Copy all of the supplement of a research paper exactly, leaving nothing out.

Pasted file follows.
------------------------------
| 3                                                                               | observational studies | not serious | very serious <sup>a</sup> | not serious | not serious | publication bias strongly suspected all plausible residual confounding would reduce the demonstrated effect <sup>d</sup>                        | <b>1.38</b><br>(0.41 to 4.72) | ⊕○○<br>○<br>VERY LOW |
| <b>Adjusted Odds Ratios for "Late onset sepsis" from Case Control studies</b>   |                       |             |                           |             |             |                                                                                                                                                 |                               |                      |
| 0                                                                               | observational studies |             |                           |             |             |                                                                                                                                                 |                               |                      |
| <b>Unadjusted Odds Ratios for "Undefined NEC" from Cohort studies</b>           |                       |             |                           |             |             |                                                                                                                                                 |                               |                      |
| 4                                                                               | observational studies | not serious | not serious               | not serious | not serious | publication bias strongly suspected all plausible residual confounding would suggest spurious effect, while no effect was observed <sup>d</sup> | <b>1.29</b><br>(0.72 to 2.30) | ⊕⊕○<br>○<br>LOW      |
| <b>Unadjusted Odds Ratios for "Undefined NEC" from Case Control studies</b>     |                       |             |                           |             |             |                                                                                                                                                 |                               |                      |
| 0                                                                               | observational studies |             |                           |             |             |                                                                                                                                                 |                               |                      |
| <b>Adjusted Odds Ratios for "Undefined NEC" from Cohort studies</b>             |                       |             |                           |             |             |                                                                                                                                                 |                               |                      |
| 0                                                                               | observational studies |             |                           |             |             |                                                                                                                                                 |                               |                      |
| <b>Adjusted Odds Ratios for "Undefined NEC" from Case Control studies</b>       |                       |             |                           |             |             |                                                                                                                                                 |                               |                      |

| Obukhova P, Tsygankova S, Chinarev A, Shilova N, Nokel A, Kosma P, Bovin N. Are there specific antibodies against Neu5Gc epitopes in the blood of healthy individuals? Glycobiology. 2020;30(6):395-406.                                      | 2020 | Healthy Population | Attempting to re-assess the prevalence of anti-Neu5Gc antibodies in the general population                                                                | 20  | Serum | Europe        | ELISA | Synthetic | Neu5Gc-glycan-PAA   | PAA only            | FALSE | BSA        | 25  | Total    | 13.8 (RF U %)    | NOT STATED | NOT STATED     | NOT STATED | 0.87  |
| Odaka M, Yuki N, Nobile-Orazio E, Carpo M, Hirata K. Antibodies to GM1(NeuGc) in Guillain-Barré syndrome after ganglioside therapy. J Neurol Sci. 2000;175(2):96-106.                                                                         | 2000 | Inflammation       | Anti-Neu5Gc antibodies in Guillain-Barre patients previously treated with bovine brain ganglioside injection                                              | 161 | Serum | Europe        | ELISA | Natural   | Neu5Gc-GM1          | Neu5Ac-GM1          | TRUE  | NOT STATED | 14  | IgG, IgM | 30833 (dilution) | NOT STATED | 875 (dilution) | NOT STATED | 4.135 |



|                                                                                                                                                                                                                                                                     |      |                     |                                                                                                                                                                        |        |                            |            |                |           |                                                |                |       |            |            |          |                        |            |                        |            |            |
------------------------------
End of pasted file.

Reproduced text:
| 3                                                                               | observational studies | not serious | very serious <sup>a</sup> | not serious | not serious | publication bias strongly suspected all plausible residual confounding would reduce the demonstrated effect <sup>d</sup>                        | <b>1.38</b><br>(0.41 to 4.72) | ⊕○○<br>○<br>VERY LOW |
| <b>Adjusted Odds Ratios for "Late onset sepsis" from Case Control studies</b>   |                       |             |                           |             |             |                                                                                                                                                 |                               |                      |
| 0                                                                               | observational studies |             |                           |             |             |                                                                                                                                                 |                               |                      |
| <b>Unadjusted Odds Ratios for "Undefined NEC" from Cohort studies</b>           |                       |             |                           |             |             |                                                                                                                                                 |                               |                      |
| 4                                                                               | observational studies | not serious | not serious               | not serious | not serious | publication bias strongly suspected all plausible residual confounding would suggest spurious effect, while no effect was observed <sup>d</sup> | <b>1.29</b><br>(0.72 to 2.30) | ⊕⊕○<br>○<br>LOW      |
| <b>Unadjusted Odds Ratios for "Undefined NEC" from Case Control studies</b>     |                       |             |                           |             |             |                                                                                                                                                 |                               |                      |
| 0                                                                               | observational studies |             |                           |             |             |                                                                                                                                                 |                               |                      |
| <b>Adjusted Odds Ratios for "Undefined NEC" from Cohort studies</b>             |                       |             |                           |             |             |                                                                                                                                                 |                               |                      |
| 0                                                                               | observational studies |             |                           |             |             |                                                                                                                                                 |                               |                      |
| <b>Adjusted Odds Ratios for "Undefined NEC" from Case Control studies</b>       |                       |             |                           |             |             |                                                                                                                                                 |                               |                      |

| Obukhova P, Tsygankova S, Chinarev A, Shilova N, Nokel A, Kosma P, Bovin N. Are there specific antibodies against Neu5Gc epitopes in the blood of healthy individuals? Glycobiology. 2020;30(6):395-406.                                      | 2020 | Healthy Population | Attempting to re-assess the prevalence of anti-Neu5Gc antibodies in the general population                                                                | 20  | Serum | Europe        | ELISA | Synthetic | Neu5Gc-glycan-PAA   | PAA only            | FALSE | BSA        | 25  | Total    | 13.8 (RF U %)    | NOT STATED | NOT STATED     | NOT STATED | 0.87  |
| Odaka M, Yuki N, Nobile-Orazio E, Carpo M, Hirata K. Antibodies to GM1(NeuGc) in Guillain-Barré syndrome after ganglioside therapy. J Neurol Sci. 2000;175(2):96-106.                                                                         | 2000 | Inflammation       | Anti-Neu5Gc antibodies in Guillain-Barre patients previously treated with bovine brain ganglioside injection                                              | 161 | Serum | Europe        | ELISA | Natural   | Neu5Gc-GM1          | Neu5Ac-GM1          | TRUE  | NOT STATED | 14  | IgG, IgM | 30833 (dilution) | NOT STATED | 875 (dilution) | NOT STATED | 4.135 |



|                                                                                                                                                                                                                                                                     |      |                     |                                                                                                                                                                        |        |                            |            |                |           |                                                |                |       |            |            |          |                        |            |                        |            |            |